Let me start with a few facts that reflect the scope of the crisis. Right now, as you no doubt know, more than 60 million people around the globe—roughly one in every 122 people on earth—qualify as displaced persons. That’s more than at any time since World War II. Over half of them are, like Ahmad, under the age of 18, over 20 million are refugees and over 10 million are “stateless.” At its core, the sharp increase in people seeking refuge over the last several years is the consequence of rising violence, political repression, insecurity and limited economic opportunities, combined with a proliferation of human smuggling networks and enhanced global mobility.
While Syrian refugees are the largest national group and receive the lion’s share of the headlines, we cannot forget those fleeing from South Sudan, Sudan, Iraq, Somalia, the Democratic Republic of the Congo, the Central African Republic, Central America, Afghanistan, Burma, Ukraine, and Eritrea. In fact, Afghanistan—after Syria—is the second largest source country of refugees worldwide and the numbers are not decreasing. Sub-Saharan Africa—not Europe or the Middle East—hosts the largest number of refugees, followed by Asia and the Pacific, which hosts nearly 4 million refugees.
You can see that this is a global crisis and although we often talk about the terrible pressure it is putting on our allies in Europe, this is only one part of the problem. In brief, the migrant crisis fundamentally threatens to destabilize regions and collapse fragile states that ultimately may develop into far more pernicious national security threats to the United States.
As President Obama put it at the UN General Assembly last September, “in the old ways of thinking, the plight of the powerless, the plight of refugees, the plight of the marginalized did not matter. They were on the periphery of the world’s concerns. Today, our concern for them is driven not just by conscience, but should also be driven by self-interest. For helping people who have been pushed to the margins of our world is not mere charity, it is a matter of collective security.”
First, it’s essential that we address this migrant crisis because failing to do so can breed further instability. Many of the frontline countries that hosts substantial numbers of refugees lack the resources to care for refugees effectively. The burdens associated with hosting large refugee populations often worsen existing problems—including poverty, ethnic and communal tensions, environmental degradation, and weak political institutions. We’ve seen the nations of Europe, with highly-developed economies and a population of 500 million people, struggle with the challenges of absorbing the 1 million migrants and refugees that reached European shores last year. Now consider that over 1 million refugees are currently living in Lebanon—a country of only 4.5 million. Ethiopia hosts roughly 400 refugees per every dollar of GDP—the highest such burden on the planet. The strain on these countries is enormous, as is the risk to global security.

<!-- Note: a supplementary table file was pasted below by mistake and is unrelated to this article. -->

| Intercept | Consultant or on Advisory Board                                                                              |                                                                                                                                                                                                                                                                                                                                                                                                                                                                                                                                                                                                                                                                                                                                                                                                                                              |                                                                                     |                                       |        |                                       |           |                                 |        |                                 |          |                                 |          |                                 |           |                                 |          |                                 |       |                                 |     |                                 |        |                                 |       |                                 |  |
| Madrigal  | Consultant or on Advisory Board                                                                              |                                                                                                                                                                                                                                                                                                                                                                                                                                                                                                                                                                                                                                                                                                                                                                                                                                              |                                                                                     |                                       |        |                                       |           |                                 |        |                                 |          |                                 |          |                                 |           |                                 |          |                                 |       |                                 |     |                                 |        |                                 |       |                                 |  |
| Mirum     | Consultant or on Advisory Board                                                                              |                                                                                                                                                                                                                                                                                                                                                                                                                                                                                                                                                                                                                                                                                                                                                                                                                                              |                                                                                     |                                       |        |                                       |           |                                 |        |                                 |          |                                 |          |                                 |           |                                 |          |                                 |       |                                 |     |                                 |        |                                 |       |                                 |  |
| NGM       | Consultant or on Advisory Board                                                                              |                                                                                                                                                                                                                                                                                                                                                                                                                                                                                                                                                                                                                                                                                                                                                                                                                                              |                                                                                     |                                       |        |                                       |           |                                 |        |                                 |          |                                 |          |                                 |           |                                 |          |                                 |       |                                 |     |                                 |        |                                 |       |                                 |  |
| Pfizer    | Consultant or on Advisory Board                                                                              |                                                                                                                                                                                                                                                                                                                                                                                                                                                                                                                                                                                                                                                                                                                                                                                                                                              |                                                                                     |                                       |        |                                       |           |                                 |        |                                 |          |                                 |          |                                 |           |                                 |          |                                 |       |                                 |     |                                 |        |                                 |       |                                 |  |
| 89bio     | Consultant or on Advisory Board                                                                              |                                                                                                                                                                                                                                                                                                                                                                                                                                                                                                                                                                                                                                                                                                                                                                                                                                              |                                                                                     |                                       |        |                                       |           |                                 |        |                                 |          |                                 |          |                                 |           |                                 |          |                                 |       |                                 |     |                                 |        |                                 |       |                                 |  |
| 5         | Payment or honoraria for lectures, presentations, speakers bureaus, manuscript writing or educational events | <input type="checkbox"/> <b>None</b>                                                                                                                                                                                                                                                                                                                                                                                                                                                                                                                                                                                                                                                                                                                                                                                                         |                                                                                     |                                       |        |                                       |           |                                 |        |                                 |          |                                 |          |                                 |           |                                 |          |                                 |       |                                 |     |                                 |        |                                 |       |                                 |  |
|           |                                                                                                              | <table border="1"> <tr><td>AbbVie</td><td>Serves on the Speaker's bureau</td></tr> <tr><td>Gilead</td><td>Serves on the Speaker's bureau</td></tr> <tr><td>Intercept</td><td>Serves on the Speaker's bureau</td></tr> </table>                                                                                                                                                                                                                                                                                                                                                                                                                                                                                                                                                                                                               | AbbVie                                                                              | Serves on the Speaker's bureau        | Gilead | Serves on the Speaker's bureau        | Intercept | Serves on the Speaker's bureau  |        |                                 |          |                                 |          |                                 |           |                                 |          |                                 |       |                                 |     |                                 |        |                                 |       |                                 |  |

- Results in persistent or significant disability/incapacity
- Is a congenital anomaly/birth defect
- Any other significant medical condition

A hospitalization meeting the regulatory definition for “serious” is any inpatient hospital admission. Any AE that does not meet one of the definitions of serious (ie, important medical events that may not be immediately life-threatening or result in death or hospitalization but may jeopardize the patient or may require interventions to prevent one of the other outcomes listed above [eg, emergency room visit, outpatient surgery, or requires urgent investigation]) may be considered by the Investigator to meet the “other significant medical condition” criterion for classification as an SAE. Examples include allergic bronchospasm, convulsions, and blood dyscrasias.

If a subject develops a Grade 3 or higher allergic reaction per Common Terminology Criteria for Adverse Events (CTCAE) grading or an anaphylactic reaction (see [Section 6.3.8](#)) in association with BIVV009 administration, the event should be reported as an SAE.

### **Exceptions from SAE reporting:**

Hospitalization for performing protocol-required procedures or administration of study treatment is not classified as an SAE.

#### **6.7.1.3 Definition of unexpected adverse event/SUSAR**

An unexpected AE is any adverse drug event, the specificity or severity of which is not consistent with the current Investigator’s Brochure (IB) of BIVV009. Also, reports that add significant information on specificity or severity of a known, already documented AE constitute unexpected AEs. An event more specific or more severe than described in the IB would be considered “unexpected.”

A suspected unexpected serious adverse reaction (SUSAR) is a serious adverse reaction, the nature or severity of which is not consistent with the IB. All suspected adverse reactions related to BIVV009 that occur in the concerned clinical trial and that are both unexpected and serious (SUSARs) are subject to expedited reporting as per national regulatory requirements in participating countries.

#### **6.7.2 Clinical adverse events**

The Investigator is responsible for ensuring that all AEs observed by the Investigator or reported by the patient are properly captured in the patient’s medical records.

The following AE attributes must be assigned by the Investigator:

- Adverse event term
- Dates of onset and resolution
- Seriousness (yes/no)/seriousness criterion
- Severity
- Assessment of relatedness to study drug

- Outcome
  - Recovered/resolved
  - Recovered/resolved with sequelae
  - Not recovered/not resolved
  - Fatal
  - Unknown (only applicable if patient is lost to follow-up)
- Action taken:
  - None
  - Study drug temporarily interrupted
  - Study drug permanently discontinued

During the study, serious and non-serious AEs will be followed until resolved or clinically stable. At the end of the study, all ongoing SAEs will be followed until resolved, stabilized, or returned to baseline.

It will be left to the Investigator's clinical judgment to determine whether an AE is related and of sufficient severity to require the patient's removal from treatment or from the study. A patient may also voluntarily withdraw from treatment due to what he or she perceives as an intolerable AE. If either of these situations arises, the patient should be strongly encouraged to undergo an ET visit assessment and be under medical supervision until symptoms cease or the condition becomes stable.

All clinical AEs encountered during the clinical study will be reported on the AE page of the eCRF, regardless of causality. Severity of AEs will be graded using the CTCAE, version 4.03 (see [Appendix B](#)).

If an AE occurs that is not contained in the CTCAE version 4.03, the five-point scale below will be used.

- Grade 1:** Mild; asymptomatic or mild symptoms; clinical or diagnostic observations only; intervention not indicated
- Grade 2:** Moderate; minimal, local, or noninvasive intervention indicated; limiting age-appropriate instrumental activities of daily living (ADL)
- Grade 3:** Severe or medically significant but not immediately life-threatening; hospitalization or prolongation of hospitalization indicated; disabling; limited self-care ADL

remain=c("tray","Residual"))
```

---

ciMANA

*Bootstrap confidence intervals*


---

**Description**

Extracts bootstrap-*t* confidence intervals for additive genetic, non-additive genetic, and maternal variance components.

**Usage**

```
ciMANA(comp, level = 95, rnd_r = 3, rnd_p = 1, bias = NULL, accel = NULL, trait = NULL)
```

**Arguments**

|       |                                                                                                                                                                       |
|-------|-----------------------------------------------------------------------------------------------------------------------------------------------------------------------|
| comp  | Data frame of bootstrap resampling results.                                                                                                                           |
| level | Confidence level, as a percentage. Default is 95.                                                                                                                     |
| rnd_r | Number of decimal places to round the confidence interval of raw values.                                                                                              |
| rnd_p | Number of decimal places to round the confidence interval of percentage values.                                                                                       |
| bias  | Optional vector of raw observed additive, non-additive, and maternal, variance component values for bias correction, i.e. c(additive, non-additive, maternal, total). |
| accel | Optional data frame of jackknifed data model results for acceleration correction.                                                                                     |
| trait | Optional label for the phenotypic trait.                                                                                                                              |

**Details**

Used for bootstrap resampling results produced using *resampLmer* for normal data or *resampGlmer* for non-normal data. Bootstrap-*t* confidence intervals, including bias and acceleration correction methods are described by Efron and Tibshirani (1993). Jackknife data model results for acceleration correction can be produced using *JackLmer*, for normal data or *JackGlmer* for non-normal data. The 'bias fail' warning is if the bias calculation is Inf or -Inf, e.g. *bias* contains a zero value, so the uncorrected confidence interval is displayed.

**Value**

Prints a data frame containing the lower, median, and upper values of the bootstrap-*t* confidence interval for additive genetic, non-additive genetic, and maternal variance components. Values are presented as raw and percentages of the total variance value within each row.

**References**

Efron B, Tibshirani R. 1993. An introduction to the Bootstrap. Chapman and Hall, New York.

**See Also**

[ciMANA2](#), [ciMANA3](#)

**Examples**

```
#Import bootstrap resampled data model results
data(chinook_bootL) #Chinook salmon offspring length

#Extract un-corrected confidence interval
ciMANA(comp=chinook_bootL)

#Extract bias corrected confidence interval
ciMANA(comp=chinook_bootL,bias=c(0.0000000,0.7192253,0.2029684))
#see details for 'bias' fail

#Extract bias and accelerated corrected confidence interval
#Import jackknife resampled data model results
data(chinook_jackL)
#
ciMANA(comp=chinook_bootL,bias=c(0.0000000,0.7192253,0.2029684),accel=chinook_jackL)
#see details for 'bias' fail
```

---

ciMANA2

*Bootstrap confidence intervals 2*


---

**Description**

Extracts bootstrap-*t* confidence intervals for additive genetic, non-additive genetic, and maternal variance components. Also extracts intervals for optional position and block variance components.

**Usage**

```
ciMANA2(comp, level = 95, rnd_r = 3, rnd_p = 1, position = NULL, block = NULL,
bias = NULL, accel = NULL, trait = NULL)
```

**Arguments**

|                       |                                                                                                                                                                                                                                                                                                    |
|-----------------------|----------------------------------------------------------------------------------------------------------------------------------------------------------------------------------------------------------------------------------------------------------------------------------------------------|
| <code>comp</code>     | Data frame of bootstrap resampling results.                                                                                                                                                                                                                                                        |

Second, failing to address the migrant crisis will fuel transnational crime. Not because refugees themselves are any less law-abiding, but because desperate refugees are turning to smuggling operations, many of which are run by criminal gangs. Along with transporting refugees, these organizations engage in drug trafficking, human trafficking, including trafficking of children, arms trafficking, and other illicit activity. EUROPOL estimates criminal networks involved in migrant smuggling to and within the EU grew significantly in 2015, and were estimated to have had a turnover of between 3 and 6 billion Euros. If we allow this crisis to fester, we push some of the world’s most desperate people into the arms of some of the world’s most unscrupulous people, padding criminals’ bank accounts and funding activities that threaten our security.
Third, addressing the refugee crisis is another way to undermine the forces of violent extremism that can take hold at home and abroad—because when we support and care for refugees, we contradict their message. Groups like ISIL and al Qaeda insist that the West is at war with Islam. It’s a core element of their twisted narrative. And, like other communities with no access to opportunity and no hope, disaffected refugees may find themselves targeted by these messages. Furthermore, the data shows that homegrown terrorism poses a bigger threat to the United States than radicalized refugees—and diaspora communities can be our best defense and early warning system. So when we deliver aid to areas in the Muslim world affected by conflict and civil strife, that helps chip away at ISIL’s lies. And when refugees from Syria and Iraq are welcomed warmly in Detroit and Dallas, or in Boise and Salt Lake City, and quickly become part of the fabric of American life, we strengthen the communities who are best positioned to help us combat violent extremism here at home.
People worry, though, that terrorists will come into the country through our refugee program. At a town hall in Indiana a few weeks ago, a veteran asked President Obama how we could guarantee that none of the refugees we’re taking in have been radicalized. And, of course, no system is fool-proof. But refugees are subject to the highest level of scrutiny of any traveler to the United States. If someone is seeking to harm us, coming as a refugee is perhaps the most difficult way to get in.